Hacktivists often attack companies they disagree with. There are DDoS tools that are intended to be used by a large group of hacktivists, using the combined power of their computers and botnets to take down a target website.

Another hacktivist tactic is defacement. This involves adding malicious images to the website homepage and other important pages. Beyond the embarrassment, the effects can include loss of traffic, revenue, and trust in your brand.

These hacktivists usually target:

  • Politics and government issues;
  • Environmental and world change motivations;
  • Religious and cult movements;
  • Cultural ideologies;
  • Social causes;
  • Foreign affairs and others.

Cyberterrorists

Cyberterrorists work with terrorist organizations to exfiltrate data from military and government targets. They may also cause panic by disrupting public systems or infrastructure. Sometimes this can overlap with hacktivism, and specifically refers to a hacker with political motivations.

According to the United States Federal Bureau of Investigation, cyberterrorism is any:

“premeditated, politically motivated attack against information, computer systems, computer programs, and data which results in violence against non-combat targets by sub-national groups or clandestine agents.”

Script Kiddies

In the hacker world, new hackers are known as script kiddies. These hackers are just starting to learn and flex their skills. These hackers are known as skiddies, skids or script kiddies.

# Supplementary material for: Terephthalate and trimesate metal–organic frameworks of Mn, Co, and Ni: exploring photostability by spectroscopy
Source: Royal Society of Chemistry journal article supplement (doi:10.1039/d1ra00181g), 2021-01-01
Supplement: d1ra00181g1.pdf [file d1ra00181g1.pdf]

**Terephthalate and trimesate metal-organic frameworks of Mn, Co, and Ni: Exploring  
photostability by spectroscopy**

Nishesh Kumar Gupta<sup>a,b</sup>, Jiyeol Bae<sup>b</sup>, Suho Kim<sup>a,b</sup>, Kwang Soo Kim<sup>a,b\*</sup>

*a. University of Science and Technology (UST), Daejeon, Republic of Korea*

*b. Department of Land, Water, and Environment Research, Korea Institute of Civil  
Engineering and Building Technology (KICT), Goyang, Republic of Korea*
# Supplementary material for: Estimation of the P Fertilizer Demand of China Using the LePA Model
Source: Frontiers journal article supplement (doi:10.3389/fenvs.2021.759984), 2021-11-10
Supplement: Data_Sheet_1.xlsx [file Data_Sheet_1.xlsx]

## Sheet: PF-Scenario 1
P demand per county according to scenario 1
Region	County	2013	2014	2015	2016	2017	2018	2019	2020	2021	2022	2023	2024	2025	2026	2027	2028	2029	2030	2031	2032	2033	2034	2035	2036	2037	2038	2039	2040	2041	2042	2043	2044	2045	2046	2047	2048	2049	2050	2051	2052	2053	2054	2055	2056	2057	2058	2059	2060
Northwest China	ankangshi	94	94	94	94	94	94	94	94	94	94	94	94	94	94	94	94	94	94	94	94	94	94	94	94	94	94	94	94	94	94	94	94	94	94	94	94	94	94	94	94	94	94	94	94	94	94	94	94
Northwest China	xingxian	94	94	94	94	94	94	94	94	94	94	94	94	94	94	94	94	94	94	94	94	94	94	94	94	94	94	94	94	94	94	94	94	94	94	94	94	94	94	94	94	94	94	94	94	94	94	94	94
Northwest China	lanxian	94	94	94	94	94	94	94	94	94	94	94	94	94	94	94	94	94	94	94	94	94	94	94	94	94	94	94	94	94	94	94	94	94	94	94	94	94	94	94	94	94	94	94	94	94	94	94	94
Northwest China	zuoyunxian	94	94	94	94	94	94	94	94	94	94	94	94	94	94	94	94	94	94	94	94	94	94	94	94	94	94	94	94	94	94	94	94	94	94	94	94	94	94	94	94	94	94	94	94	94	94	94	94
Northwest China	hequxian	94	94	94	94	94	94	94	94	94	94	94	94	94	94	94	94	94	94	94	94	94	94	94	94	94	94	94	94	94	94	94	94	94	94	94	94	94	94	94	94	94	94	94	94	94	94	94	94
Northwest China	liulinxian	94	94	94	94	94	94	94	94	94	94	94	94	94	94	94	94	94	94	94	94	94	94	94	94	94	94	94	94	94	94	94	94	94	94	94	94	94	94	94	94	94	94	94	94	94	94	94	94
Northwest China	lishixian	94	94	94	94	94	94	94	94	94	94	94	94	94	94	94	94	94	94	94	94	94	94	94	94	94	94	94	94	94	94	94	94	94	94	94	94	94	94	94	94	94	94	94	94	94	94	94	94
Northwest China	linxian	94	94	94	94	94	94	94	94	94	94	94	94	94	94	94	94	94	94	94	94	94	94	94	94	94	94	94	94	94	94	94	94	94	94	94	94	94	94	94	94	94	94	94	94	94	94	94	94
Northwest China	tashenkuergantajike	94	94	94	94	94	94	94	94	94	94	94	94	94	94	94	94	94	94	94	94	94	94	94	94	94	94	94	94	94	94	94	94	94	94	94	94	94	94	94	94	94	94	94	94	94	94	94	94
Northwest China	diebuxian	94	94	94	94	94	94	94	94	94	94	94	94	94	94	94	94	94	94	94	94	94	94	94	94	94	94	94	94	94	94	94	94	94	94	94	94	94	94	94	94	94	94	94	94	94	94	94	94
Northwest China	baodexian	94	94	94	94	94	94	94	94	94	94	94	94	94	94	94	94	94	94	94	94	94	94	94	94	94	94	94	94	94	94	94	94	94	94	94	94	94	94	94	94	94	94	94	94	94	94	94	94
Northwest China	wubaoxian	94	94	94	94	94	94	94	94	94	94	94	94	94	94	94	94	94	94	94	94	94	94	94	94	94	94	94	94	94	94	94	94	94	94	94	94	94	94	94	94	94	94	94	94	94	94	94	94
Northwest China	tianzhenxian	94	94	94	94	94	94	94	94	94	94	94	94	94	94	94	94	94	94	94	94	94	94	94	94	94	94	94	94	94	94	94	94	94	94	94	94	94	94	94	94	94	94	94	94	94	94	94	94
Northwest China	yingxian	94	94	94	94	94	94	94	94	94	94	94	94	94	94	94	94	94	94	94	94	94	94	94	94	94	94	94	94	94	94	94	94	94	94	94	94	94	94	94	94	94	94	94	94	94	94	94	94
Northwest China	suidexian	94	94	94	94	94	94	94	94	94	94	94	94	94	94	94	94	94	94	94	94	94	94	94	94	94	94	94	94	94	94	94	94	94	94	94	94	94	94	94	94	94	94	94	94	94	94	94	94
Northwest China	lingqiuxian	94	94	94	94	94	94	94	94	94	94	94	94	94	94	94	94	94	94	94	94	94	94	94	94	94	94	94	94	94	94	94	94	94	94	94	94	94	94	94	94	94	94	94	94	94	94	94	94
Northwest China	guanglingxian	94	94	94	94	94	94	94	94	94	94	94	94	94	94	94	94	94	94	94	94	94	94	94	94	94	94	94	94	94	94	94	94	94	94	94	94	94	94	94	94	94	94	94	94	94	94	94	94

These newbie hackers usually can’t write elaborate scripts or exploits on their own yet. They often rely on existing tools and scripts to attack web applications or networks. They have one goal in mind: impress other hackers or friends in their community.

Their favorite attack is usually website defacement: it is easy to perform, allows them to claim responsibility, and gives them credibility among their peers.

Conclusion

Today anyone with access to the internet can become a hacker. It doesn’t mean that all of them have the same intent, speed of learning or overall capacity to produce a sophisticated attack, but it is certainly not keeping many of them from trying.

As a website security company, our goal is to make the internet a safer place. That is why we research to create resources and content to keep you up-to-date on this ever-changing world of information security.

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*** This is a Security Bloggers Network syndicated blog from Sucuri Blog authored by Juliana Lewis. Read the original post at: https://blog.sucuri.net/2019/11/how-many-types-of-hackers-are-there.html